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Monday 21 October 2019
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Commentary

Some realities of schooling

TTUTA

The article for this week was first published in 2016, but bears repeating with the continuing upsurge in school violence and student indiscipline that we are witnessing. It is time we recognise that education is a collective social responsibility and all stakeholders must come together to generate solutions to this problem that has the potential to destroy the very fabric of our society.

THOSE THAT readily blame teachers only for the problem of school indiscipline and violence might be well advised to spend a day in some of our secondary schools.

There they will encounter students who arrive late, don’t conform to the uniform code, refuse to attend classes, challenge/ignore basic instructions, have no books and materials to engage in classroom activities, walk in and out of classes as they wish, walk out on teachers and school officials when they are being spoken to and even verbally insult school officials.

Teachers spend most of the period simply attempting to get students into the classroom, only to be confronted with verbal conflicts that may erupt into physical fights. If the teacher is lucky to get all settled in the classroom and attempts to teach, phones are whipped out and engaged, notwithstanding the school rules.

There are students who belong to gangs and the ensuing gang rivalry is a reality that teachers have to contend with on a daily basis. Students devise extraordinary measures to smuggle illegal items onto the school compound. Ensuing searches may or may not be done with the help of the police because, despite calls for police assistance, this may not always be forthcoming.

Some students are before the courts on various charges, having already been exposed to criminal behaviour. Gang/mob culture is propagated on the school compound by virtue of the school location.

When a teacher confronts an individual student, they are immediately surrounded by a group of other students who encourage the offending student to defy the instructions of the teacher or, worse, threaten the teacher. They may even dare the teacher to call the police, openly defying instructions to disperse and go to their classrooms.

The new norm of students is to call their “parents,” “friends,” and “associates” onto the school compound if they have issues with other students or teachers. These people then go to the school to “deal with” anyone who “interferes” with their children. There are many schools where teachers are fearful for their personal safety and resort to walking the corridors in groups.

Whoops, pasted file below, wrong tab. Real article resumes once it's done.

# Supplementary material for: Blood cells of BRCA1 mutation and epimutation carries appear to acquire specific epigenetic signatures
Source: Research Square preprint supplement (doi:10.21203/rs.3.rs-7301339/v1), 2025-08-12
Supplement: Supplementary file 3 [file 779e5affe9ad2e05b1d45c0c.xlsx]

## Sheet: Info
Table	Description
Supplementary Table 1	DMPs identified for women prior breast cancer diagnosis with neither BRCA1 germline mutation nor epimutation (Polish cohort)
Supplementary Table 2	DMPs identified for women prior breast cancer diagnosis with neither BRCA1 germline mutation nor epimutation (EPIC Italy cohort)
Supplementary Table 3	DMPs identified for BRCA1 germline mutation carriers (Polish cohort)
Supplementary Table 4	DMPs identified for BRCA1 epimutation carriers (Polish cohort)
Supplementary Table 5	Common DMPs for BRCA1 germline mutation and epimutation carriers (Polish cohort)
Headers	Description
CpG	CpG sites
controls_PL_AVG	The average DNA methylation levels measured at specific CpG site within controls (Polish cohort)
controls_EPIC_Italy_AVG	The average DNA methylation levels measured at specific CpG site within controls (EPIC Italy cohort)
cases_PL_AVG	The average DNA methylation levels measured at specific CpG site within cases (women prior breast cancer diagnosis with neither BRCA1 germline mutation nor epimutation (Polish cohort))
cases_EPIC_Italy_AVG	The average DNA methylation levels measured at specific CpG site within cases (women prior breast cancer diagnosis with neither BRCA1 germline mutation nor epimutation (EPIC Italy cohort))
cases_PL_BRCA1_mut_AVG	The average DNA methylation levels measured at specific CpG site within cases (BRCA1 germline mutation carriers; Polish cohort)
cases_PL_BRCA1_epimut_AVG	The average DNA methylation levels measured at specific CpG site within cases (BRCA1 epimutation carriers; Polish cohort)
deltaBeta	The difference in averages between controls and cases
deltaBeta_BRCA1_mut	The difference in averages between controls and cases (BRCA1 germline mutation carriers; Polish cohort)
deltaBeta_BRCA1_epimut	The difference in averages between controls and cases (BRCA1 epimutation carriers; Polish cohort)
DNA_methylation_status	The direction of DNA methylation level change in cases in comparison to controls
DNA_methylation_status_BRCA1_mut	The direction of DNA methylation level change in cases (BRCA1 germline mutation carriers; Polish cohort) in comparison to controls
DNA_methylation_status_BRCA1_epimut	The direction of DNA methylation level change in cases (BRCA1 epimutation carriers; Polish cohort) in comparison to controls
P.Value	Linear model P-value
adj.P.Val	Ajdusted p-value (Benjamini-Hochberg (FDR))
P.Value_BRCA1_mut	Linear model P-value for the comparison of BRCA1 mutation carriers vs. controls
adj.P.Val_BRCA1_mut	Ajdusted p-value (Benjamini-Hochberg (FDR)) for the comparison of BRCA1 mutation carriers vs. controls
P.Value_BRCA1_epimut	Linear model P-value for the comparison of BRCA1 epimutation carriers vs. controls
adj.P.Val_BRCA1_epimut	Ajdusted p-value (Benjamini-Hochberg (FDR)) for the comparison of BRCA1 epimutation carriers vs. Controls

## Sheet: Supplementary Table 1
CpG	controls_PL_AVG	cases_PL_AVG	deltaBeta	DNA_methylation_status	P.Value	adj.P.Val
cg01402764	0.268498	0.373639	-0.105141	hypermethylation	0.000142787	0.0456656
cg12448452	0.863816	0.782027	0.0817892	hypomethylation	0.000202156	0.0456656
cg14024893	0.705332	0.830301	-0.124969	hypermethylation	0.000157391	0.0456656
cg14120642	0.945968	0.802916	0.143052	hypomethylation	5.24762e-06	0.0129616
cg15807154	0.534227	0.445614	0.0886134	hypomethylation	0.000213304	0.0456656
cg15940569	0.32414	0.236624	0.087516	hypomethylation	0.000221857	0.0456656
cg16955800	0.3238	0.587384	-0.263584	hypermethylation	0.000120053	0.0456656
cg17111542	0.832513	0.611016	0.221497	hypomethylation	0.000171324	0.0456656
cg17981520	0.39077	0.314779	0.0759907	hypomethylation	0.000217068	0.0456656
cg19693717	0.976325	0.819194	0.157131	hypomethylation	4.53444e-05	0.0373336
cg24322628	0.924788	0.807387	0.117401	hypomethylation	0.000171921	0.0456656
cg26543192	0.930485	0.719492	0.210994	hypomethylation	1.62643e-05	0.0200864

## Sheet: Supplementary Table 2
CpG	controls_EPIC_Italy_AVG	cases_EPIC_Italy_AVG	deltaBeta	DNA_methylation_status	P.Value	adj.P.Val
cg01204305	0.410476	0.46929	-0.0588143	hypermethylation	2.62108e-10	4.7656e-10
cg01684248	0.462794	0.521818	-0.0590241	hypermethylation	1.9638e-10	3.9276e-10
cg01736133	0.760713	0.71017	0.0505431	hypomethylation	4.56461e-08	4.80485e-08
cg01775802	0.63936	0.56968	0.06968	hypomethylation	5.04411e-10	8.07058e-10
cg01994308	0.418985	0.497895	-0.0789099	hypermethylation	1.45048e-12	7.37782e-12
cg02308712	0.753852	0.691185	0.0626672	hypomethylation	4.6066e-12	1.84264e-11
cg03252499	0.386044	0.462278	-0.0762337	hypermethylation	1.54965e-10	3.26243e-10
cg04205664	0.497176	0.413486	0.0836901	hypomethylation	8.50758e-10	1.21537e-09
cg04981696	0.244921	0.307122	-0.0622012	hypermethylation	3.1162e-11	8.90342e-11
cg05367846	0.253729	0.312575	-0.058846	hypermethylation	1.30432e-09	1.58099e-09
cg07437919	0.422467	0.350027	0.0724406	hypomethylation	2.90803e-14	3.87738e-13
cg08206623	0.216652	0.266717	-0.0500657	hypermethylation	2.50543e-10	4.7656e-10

Some male students make openly suggestive remarks towards young female teachers. Sometimes students may be engaged in illegal activities and if challenged have been known to threaten teachers with physical harm if reported.

Fights erupt in a classroom for simple issues such as a verbal disagreement between two students or Facebook posts with the lone teacher being almost helpless.

Then there are those students who only attend school for meals and for the social welfare forms to be stamped and signed by the school officials.

These are some of the realities that our teachers and school officials have to contend with daily in some of our schools. These students are ill-prepared for environments where rules and structure prevail. They have not been taught limits of behaviour or a sense of self-restraint/regulation, which are requirements for schooling.

Teachers have not been trained or equipped to deal with students who are socialised into such behaviour. Lumping large numbers of underachieving children into a school without commensurate support systems overwhelms its capacity to treat with their antisocial behaviour.

Schools are woefully inadequate to address these social deficits. So too are the support systems that have been put in place. The Student Support Services Division is inadequately staffed, making it almost impossible for it to make the kinds of meaningful interventions necessary for bringing about much needed change.

If we are to realise the promise of education to develop citizens for a democratic society, if we are to fulfil our lofty goals of graduating students who are problem solvers and critical thinkers, then we must do more. Less talk, more actions.

Every time you point fingers at teachers holding them solely responsible for students’ behaviour, think about how many fingers are pointing back at you. Before judgment is made, walk in our shoes for a day.

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